United States Vice President Mike Pence avoided a direct answer when asked if the U.S. used any cyber or electronic technology to sabotage Sunday's North Korean missile test.
While the nuclear test has yet to happen, Pence pushed the theme of tough talk after Sunday's failed missile launch.
"I really can't comment on the electronic and technical capabilities of our military," Pence told CNN aboard the USS Ronald Reagan in Japan. "What I can say is that it failed. It was one more provocation by a regime that continues to flout the use of -- and it's got to come to an end."
While Pence would neither confirm nor deny that the U.S. military has the technology to sabotage a North Korean missile launch, cyber experts told CNN that the U.S. has the capability and could execute the action in several different ways.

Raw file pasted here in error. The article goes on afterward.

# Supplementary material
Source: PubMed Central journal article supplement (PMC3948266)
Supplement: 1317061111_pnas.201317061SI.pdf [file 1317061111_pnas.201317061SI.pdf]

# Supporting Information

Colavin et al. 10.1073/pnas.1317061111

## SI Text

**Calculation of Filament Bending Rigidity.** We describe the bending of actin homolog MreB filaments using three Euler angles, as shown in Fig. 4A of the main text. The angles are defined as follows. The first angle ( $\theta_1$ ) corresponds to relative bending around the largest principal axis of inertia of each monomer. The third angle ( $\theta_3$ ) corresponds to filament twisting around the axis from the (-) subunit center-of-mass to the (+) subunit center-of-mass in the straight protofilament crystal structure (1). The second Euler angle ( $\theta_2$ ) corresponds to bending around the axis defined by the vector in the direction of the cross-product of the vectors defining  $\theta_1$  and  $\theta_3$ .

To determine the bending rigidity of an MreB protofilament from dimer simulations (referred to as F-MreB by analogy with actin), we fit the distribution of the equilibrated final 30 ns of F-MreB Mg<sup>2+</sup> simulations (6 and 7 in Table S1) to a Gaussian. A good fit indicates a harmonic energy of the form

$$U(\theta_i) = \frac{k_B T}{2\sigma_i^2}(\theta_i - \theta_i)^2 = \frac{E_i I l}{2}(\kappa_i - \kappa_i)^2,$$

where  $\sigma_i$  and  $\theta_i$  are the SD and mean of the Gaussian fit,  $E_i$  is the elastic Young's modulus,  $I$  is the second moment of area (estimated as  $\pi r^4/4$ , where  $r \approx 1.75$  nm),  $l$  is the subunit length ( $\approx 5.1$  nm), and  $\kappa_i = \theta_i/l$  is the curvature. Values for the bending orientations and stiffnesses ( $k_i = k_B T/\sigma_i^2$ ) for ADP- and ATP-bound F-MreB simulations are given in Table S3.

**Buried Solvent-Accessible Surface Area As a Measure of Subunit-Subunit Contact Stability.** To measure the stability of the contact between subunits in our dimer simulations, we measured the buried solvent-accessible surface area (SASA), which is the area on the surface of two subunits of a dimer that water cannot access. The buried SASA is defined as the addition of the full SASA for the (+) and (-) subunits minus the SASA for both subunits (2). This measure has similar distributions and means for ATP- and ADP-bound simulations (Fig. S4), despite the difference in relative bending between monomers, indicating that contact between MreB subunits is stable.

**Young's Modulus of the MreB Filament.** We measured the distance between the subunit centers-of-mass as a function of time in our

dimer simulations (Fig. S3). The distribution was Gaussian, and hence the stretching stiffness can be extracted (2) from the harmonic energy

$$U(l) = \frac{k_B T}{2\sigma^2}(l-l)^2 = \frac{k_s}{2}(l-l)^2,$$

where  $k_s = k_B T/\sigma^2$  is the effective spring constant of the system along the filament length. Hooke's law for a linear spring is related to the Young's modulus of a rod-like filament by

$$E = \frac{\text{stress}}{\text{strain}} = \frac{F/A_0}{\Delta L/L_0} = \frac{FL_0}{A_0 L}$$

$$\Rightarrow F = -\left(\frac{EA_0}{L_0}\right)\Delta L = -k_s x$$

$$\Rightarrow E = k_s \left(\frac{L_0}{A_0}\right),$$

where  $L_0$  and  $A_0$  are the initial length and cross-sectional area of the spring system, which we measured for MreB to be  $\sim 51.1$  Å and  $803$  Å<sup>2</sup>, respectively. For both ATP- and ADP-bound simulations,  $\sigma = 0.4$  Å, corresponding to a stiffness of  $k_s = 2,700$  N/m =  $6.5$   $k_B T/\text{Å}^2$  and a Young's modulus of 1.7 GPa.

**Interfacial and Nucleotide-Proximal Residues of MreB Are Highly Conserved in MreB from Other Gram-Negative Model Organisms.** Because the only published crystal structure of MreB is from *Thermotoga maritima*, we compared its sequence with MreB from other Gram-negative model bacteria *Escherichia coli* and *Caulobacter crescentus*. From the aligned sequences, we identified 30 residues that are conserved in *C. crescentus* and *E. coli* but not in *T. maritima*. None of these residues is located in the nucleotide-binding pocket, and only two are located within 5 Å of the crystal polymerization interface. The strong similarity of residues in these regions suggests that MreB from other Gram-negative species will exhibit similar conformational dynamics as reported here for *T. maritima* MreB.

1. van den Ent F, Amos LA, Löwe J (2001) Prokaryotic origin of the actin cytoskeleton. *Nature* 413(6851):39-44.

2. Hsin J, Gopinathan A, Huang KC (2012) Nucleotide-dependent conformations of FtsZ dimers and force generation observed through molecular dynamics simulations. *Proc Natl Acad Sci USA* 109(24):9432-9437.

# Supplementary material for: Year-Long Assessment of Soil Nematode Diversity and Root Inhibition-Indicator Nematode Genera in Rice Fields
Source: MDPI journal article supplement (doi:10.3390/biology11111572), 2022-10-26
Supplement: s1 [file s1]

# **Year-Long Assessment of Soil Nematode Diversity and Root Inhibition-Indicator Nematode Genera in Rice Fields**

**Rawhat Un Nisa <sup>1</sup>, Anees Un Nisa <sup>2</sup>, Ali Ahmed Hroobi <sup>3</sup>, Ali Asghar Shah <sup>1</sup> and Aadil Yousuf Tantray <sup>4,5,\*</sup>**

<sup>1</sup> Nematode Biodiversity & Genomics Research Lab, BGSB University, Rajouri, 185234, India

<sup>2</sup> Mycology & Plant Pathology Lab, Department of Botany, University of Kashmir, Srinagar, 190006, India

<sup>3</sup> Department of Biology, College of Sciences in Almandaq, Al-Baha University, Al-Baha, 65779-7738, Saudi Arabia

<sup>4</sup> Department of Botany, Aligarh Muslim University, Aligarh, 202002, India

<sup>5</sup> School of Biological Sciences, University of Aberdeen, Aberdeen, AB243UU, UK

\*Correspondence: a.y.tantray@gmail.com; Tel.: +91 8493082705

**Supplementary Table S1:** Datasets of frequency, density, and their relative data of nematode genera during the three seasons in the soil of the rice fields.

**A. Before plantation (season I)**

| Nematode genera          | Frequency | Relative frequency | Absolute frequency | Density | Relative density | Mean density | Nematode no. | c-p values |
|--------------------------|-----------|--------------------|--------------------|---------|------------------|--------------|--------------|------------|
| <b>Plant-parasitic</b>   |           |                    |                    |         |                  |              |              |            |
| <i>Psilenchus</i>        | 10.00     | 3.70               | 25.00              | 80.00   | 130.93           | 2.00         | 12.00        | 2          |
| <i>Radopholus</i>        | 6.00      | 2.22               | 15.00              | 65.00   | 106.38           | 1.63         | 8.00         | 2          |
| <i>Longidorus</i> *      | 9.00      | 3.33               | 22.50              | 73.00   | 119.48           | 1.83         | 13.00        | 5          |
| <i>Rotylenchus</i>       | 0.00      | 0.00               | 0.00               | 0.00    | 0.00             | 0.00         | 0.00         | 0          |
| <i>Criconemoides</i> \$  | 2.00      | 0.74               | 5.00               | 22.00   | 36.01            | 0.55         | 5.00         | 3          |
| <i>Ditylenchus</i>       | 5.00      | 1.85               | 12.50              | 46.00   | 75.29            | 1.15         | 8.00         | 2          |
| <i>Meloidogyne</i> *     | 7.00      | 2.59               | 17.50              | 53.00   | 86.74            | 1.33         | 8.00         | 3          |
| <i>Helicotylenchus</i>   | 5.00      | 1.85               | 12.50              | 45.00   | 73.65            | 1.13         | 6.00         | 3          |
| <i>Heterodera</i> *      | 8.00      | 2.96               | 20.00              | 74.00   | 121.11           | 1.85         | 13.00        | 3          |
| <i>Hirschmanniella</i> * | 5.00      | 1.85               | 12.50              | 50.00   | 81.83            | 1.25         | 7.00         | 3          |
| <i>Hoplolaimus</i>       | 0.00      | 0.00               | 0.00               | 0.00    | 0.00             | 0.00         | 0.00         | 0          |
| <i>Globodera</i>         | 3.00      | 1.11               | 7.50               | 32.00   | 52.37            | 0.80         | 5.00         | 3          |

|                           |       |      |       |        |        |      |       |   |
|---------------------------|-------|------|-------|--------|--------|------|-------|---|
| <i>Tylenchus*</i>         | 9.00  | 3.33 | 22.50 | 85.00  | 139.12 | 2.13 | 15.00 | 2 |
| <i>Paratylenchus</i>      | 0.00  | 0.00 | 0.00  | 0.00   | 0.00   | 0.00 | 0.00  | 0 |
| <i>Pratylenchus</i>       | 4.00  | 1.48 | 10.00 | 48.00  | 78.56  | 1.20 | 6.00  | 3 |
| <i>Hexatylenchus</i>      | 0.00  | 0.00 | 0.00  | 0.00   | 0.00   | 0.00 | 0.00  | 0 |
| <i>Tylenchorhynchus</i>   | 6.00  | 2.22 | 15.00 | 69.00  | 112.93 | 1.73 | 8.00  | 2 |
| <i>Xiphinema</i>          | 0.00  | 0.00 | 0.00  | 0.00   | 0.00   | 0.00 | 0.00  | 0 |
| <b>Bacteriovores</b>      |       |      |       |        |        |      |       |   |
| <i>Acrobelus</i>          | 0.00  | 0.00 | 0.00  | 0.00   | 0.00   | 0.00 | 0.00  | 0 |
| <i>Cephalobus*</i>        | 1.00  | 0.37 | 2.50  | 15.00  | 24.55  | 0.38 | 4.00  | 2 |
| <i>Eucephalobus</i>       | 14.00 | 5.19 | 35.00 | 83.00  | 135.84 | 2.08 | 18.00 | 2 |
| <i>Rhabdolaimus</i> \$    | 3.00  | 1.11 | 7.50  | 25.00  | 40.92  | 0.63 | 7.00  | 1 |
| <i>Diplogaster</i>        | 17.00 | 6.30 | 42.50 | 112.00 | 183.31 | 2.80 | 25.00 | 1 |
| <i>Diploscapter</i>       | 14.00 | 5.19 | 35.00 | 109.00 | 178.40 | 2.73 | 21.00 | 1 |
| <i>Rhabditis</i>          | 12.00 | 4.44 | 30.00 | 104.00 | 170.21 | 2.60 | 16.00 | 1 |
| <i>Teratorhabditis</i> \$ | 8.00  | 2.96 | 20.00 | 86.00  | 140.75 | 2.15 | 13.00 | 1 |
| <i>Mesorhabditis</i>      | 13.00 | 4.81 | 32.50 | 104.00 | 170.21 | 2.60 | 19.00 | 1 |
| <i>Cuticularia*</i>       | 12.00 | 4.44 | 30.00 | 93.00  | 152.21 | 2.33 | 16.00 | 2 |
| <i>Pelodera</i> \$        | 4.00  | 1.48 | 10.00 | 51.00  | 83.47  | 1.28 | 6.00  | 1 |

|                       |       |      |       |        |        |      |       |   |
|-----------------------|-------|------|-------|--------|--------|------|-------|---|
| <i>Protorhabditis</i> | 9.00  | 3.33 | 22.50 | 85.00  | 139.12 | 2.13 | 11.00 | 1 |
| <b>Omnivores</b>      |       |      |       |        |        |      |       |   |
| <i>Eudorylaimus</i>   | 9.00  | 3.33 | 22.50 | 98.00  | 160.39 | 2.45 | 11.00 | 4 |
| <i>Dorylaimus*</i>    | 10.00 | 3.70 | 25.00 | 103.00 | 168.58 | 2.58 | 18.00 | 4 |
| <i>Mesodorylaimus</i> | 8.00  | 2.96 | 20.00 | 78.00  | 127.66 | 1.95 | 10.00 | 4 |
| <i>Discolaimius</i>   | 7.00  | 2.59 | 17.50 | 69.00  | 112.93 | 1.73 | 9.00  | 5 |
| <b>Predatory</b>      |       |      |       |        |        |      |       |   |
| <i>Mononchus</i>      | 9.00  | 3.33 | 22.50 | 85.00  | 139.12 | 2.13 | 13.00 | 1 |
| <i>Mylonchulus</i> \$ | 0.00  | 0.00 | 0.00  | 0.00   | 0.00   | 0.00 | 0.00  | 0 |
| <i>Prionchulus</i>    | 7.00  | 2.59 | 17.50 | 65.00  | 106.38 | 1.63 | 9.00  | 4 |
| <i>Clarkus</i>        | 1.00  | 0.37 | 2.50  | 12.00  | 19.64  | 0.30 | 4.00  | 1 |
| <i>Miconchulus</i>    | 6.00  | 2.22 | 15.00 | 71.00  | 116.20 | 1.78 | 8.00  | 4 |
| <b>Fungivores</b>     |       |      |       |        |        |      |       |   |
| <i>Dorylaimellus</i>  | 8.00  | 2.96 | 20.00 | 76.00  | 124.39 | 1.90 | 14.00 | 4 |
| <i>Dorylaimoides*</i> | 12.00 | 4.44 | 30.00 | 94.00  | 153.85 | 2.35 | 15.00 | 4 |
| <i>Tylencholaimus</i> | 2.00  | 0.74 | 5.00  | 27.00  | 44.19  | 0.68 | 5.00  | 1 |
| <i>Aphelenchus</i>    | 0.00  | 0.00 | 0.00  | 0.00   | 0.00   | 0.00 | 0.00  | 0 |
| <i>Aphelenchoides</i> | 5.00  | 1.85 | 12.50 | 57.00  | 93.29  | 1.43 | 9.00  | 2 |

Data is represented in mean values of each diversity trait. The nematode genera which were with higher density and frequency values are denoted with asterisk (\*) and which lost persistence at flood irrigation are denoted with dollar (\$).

The Trump administration has said that it is reviewing all options on North Korea, including those involving military action, but Defence Secretary James Mattis was also underscoring the need for a non-military solution.
"You're aware that the leader of North Korea again recklessly tried to provoke something by launching a missile," he recently told reporters. "It was not an intercontinental ballistic missile, it failed on launch, and it shows why we're working so closely right now with the Chinese."
Speculation that the U.S. may have used cyber capabilities to thwart the North Korean missile test comes at a time of escalating rhetoric between the two nations.
(This story has not been edited by Business Standard staff and is auto-generated from a syndicated feed.)